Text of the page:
Mario Andretti has insisted that his team’s potential entry is part of a long-term project that is serious.
“[The pushback] is disappointing in that sense, because we’re trying to join Formula 1 for the long term,” Andretti said. “That’s something that we can guarantee. You make this type of an investment – you’re not going to go in and out. I think that there’s something to be said for that.
“So, it’s a big investment in any company and you’d think you will be welcomed…
“But we’re still fighting, we’re trying to see if we can satisfy everything that they’re asking. Just put it out there and well will do it. So that’s all we can do.”
It’s possible that it isn’t just about money, as Domenicali told the media at the Belgian Grand Prix, “It’s a matter of understanding not only the ones that a bigger or louder voice, there will be others – Andretti was quite vocal about his request, but there are others that are saying in a different way.”
It seems that the manner in which Andretti have made their bid hasn’t pleased the F1 CEO:
When asked by The Race whether bringing in new teams would protect F1 from a possible mass exodus by manufacturers, Domenicali said simply, “there are more people that want to enter, by far, than people that want to leave.”
As should probably have been expected, it isn’t just Andretti attempting to join F1, but likely a score of teams. What is curious, is that Andretti has been a racing team since 1993 with a solid pedigree. The team competes in several championships including Formula E, the IndyCar Series, Indy Lights, and Indy Pro 2000. They have won the Indianapolis 500 five times, the IndyCar Series four times, and the Indy Lights four times. It’s clear that they know how to run a competitive racing team. This would seem to suggest that this is more about money and whether or not the teams are willing to accept a diluted prize pool, than Andretti’s ability to race in F1. They even used to be in F1!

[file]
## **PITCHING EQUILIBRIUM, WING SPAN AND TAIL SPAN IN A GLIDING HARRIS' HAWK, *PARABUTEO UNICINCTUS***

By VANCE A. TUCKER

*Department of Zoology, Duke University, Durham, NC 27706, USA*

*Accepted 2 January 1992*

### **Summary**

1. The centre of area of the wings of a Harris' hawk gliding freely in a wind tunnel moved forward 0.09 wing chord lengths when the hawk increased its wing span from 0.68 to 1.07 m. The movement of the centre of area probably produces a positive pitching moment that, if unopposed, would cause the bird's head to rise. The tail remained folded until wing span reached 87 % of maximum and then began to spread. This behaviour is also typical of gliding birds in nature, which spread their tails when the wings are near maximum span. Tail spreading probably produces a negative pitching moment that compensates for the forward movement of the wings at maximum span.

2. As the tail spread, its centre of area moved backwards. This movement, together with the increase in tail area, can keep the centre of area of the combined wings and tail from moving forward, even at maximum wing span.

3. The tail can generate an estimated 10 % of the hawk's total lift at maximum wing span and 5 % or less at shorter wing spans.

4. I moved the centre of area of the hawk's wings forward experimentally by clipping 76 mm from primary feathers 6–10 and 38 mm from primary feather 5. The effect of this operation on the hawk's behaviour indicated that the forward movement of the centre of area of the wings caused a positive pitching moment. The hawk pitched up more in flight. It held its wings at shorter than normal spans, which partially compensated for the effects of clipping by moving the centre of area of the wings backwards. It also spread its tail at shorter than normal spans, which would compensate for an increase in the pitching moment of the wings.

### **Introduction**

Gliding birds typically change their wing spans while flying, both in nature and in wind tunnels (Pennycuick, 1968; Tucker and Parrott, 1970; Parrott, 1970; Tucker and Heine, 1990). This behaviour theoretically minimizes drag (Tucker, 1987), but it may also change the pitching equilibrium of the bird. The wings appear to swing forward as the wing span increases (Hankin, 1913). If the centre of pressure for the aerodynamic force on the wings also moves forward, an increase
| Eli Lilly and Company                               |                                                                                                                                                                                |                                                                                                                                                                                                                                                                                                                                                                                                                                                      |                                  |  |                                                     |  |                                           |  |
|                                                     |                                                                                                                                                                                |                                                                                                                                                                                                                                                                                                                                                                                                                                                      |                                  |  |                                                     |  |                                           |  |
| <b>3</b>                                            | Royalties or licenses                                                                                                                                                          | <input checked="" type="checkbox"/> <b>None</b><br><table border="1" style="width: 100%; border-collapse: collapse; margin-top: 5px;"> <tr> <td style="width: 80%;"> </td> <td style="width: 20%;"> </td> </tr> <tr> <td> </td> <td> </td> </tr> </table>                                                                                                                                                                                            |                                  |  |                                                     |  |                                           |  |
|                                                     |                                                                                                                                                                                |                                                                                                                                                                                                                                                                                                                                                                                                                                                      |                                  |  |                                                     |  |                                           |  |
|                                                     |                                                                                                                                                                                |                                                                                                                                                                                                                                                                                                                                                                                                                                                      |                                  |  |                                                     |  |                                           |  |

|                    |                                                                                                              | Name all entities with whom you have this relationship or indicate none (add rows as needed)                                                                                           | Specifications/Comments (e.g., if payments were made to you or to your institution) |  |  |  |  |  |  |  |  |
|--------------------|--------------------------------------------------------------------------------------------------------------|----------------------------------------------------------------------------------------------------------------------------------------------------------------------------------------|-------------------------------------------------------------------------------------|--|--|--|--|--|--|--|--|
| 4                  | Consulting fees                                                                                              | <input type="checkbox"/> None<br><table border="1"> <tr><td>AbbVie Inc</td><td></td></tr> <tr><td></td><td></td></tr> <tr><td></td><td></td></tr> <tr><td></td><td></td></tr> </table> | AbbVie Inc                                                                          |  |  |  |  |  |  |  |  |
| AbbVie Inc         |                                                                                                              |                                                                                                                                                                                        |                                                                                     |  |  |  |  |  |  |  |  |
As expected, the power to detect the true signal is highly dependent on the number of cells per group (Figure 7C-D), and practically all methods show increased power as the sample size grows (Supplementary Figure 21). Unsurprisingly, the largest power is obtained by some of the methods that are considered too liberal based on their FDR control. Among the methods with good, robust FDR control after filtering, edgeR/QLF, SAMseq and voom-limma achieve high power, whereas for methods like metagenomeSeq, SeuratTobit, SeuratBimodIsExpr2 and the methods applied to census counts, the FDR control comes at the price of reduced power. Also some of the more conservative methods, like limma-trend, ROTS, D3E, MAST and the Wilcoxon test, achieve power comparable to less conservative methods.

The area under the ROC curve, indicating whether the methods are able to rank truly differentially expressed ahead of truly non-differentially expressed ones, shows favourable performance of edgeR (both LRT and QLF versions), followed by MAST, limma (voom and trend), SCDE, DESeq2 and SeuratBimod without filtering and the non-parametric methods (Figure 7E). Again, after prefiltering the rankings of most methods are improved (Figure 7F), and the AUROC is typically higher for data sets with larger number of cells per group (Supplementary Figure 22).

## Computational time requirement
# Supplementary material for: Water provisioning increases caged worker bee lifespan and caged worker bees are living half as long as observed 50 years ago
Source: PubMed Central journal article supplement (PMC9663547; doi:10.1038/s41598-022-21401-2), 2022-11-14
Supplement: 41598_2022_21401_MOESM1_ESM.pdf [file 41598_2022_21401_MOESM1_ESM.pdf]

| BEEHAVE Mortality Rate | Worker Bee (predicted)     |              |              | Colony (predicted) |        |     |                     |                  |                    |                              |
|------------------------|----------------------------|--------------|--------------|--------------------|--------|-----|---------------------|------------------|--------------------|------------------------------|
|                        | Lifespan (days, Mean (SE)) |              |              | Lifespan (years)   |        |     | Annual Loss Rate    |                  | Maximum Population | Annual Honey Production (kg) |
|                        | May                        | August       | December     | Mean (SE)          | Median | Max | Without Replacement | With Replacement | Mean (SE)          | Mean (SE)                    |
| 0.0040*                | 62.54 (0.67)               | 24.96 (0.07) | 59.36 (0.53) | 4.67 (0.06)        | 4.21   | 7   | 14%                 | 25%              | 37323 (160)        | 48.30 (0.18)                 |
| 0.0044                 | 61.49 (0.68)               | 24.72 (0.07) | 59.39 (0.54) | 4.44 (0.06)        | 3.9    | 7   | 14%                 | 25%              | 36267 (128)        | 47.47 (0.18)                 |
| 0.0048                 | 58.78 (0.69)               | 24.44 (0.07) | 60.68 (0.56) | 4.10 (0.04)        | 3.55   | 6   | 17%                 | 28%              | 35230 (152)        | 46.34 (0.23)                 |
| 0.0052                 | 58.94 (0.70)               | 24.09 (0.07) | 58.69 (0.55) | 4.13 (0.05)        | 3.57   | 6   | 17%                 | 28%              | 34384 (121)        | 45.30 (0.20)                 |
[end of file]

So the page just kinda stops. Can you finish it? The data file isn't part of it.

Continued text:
Support For Andretti’s Entrance
Not all members of the paddock are opposed to the idea of Andretti’s entrance. Both McLaren and Alpine have expressed support for the new team at the same conference in which Wolff explained the complications of Andretti joining.
McLaren CEO, Zak Brown, believes Andretti is a “credible racing team” that is “additive to the sport.”
“Obviously, the Andretti name has a huge history in Formula 1 and various forms of motorsport, and I think would add a lot of value,” said Brown.
“As long as it’s a team that helps build the sport, unlike some of the other entries that we’ve seen over the years that have come and gone in a year or two or three… I think we can’t accept teams like that.
Alpine CEO, Laurent Rossi, ultimately believes if things are done right, there is no problem with Andretti joining the sport.
“I’m very favourable,” said Rossi. “It goes along with the expansion in the U.S. [and] I think that will contribute to the show. An American team will directly generate, I guess, interest in the U.S., and therefore revenue.
“The we need to demonstrate that it’s enough to compensate for the dilution that Toto was mentioning.
“Gut feeling, I think it would, but let’s do the job properly, and we’ll see.”